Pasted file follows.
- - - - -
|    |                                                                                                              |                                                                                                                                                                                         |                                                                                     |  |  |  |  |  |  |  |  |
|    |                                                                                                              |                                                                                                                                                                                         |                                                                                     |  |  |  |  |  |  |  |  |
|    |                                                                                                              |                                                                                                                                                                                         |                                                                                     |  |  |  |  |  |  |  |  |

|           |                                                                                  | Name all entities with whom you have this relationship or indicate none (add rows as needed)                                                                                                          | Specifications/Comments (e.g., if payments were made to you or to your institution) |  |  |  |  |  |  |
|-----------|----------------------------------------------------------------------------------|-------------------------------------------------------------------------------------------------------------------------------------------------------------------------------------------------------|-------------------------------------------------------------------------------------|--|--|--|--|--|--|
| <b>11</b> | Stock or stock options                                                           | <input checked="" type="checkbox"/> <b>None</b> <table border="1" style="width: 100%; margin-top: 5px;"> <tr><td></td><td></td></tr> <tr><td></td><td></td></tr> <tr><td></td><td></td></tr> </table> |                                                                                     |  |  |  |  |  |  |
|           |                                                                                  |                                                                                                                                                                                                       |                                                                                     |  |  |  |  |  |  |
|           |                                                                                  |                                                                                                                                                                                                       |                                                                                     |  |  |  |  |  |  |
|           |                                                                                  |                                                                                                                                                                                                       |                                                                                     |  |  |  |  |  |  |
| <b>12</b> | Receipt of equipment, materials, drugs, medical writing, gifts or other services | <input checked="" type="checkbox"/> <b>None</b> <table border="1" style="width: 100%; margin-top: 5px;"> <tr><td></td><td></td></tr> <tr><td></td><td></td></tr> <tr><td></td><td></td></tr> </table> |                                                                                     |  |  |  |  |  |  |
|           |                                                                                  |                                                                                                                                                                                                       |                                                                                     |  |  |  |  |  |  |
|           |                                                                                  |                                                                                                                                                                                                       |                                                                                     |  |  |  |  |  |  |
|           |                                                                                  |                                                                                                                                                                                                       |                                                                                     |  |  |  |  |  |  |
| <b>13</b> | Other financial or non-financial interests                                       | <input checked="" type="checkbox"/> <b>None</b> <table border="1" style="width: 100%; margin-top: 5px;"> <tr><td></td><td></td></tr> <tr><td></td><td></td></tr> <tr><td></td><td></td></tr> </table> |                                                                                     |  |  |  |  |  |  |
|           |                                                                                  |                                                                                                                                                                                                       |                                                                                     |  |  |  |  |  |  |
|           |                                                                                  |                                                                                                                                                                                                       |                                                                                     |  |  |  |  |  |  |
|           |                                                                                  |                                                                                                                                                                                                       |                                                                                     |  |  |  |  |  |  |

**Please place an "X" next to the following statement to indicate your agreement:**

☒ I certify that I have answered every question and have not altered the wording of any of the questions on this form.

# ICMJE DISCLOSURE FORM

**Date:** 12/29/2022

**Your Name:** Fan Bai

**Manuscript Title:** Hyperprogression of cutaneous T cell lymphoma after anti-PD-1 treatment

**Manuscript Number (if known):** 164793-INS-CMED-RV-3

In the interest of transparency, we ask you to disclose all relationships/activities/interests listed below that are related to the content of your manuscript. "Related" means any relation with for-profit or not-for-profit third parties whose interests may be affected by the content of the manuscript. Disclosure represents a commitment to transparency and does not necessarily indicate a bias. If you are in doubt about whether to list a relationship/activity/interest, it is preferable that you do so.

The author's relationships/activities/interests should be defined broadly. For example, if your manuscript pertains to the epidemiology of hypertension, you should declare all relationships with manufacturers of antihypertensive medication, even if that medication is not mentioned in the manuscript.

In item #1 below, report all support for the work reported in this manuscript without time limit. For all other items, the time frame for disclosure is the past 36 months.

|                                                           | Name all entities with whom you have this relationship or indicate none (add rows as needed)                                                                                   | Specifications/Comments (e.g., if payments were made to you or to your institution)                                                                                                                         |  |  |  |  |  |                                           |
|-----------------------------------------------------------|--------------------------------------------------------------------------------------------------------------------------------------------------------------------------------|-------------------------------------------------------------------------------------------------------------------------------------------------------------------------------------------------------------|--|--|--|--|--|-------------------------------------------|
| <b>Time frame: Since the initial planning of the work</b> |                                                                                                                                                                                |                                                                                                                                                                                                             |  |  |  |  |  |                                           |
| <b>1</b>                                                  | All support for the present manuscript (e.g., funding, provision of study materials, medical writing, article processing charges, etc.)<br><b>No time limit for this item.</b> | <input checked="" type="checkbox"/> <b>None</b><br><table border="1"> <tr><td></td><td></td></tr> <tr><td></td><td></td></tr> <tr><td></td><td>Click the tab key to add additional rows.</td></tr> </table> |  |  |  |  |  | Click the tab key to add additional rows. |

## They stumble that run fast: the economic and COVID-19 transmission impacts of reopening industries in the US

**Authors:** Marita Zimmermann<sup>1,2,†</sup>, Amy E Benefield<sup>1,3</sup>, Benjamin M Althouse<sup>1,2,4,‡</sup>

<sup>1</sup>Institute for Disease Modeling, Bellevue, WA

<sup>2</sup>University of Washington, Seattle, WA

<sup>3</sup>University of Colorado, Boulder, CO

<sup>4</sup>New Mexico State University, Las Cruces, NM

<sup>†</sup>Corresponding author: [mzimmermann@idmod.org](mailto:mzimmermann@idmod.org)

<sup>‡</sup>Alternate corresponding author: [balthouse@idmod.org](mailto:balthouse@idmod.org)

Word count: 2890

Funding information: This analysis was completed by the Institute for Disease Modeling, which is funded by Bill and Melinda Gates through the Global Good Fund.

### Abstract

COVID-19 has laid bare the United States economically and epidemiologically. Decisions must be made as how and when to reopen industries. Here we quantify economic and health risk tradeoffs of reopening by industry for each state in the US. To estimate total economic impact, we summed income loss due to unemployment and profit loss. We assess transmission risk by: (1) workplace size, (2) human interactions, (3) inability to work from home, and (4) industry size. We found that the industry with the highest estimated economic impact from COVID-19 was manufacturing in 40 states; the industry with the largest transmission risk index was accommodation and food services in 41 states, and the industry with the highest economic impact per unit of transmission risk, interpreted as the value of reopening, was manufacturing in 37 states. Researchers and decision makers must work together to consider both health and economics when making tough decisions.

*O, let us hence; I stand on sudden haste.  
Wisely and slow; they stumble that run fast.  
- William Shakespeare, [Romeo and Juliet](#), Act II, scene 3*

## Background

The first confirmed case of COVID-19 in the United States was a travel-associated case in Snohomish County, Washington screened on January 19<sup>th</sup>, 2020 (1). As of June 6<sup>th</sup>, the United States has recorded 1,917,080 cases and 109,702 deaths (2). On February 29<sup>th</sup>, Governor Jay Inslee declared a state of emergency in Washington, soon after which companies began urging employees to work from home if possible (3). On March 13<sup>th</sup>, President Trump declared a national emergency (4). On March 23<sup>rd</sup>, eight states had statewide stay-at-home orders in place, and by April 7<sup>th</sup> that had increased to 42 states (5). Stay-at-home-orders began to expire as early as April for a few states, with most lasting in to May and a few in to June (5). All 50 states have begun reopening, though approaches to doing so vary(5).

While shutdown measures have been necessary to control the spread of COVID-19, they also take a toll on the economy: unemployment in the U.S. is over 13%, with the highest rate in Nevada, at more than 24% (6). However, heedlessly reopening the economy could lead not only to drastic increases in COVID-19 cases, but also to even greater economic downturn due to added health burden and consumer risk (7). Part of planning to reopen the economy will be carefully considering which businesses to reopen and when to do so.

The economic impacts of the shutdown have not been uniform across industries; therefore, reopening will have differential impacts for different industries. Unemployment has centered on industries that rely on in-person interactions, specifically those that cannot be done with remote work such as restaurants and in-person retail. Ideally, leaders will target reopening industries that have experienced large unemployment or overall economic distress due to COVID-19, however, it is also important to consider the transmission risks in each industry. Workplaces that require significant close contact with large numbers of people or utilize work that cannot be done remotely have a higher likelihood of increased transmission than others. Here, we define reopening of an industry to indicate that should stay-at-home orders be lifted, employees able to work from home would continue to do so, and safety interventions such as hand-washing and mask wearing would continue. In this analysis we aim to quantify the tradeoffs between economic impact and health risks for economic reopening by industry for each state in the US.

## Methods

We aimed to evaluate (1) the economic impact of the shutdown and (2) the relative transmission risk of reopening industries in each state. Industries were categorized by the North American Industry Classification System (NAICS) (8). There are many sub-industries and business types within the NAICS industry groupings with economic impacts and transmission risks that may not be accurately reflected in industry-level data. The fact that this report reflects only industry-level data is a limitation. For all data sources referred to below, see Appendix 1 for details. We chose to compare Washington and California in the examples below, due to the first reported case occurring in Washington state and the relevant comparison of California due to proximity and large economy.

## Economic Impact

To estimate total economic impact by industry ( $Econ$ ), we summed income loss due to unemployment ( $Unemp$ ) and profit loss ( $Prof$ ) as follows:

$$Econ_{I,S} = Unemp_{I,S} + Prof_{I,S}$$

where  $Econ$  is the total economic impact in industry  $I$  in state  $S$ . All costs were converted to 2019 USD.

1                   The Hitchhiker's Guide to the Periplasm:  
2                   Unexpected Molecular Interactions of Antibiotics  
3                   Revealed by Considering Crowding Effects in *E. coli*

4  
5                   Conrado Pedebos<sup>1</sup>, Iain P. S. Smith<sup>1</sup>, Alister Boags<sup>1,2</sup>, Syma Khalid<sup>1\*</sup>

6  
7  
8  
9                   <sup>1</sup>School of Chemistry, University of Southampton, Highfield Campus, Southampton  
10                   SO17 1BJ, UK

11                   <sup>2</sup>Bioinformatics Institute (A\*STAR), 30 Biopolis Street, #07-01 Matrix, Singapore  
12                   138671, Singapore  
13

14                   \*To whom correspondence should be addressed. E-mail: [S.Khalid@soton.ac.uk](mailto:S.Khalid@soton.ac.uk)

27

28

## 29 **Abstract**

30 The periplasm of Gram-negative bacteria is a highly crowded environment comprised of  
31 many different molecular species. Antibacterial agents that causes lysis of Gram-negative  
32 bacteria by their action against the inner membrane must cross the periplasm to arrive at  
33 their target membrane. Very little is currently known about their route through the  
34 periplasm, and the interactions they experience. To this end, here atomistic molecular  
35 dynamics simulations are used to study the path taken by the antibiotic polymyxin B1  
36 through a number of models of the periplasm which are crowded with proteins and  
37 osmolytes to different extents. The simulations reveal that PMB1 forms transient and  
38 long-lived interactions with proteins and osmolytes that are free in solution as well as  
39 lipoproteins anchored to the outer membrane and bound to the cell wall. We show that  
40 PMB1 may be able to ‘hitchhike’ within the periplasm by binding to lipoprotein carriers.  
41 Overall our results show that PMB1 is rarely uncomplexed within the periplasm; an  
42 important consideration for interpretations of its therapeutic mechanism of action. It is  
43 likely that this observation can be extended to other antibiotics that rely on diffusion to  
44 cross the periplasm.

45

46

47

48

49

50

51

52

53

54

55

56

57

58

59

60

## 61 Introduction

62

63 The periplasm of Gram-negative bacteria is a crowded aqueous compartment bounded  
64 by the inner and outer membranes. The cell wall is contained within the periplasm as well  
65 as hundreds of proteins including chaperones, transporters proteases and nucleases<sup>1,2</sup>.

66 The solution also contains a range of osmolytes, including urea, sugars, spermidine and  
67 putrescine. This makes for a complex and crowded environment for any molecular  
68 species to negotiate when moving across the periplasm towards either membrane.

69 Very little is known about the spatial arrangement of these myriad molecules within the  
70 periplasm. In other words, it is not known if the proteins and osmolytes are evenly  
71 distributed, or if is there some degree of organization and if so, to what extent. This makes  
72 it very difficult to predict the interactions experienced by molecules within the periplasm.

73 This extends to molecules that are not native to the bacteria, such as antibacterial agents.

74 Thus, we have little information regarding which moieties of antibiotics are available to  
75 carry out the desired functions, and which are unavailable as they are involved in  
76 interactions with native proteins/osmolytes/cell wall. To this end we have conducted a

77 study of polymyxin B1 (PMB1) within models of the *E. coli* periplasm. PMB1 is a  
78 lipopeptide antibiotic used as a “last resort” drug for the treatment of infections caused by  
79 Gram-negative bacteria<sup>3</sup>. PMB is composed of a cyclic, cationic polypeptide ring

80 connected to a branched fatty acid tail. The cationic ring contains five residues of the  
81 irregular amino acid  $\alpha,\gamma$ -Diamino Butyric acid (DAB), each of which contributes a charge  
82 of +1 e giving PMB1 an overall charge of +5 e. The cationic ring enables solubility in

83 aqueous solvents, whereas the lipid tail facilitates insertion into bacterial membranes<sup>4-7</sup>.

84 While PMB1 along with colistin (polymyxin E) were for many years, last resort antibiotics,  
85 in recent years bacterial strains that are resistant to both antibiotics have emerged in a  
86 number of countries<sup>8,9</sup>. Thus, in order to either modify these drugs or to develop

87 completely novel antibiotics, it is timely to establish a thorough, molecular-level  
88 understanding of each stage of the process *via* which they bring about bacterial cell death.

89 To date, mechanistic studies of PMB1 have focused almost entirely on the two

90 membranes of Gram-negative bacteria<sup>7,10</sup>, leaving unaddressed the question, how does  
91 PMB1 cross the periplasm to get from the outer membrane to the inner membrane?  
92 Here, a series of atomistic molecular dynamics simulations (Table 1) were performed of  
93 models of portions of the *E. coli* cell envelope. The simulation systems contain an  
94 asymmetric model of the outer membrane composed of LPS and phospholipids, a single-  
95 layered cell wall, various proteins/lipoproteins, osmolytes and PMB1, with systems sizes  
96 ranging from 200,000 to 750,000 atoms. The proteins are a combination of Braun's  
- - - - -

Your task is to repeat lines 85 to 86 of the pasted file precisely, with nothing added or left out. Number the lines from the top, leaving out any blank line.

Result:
41 Overall our results show that PMB1 is rarely uncomplexed within the periplasm; an  
42 important consideration for interpretations of its therapeutic mechanism of action. It is  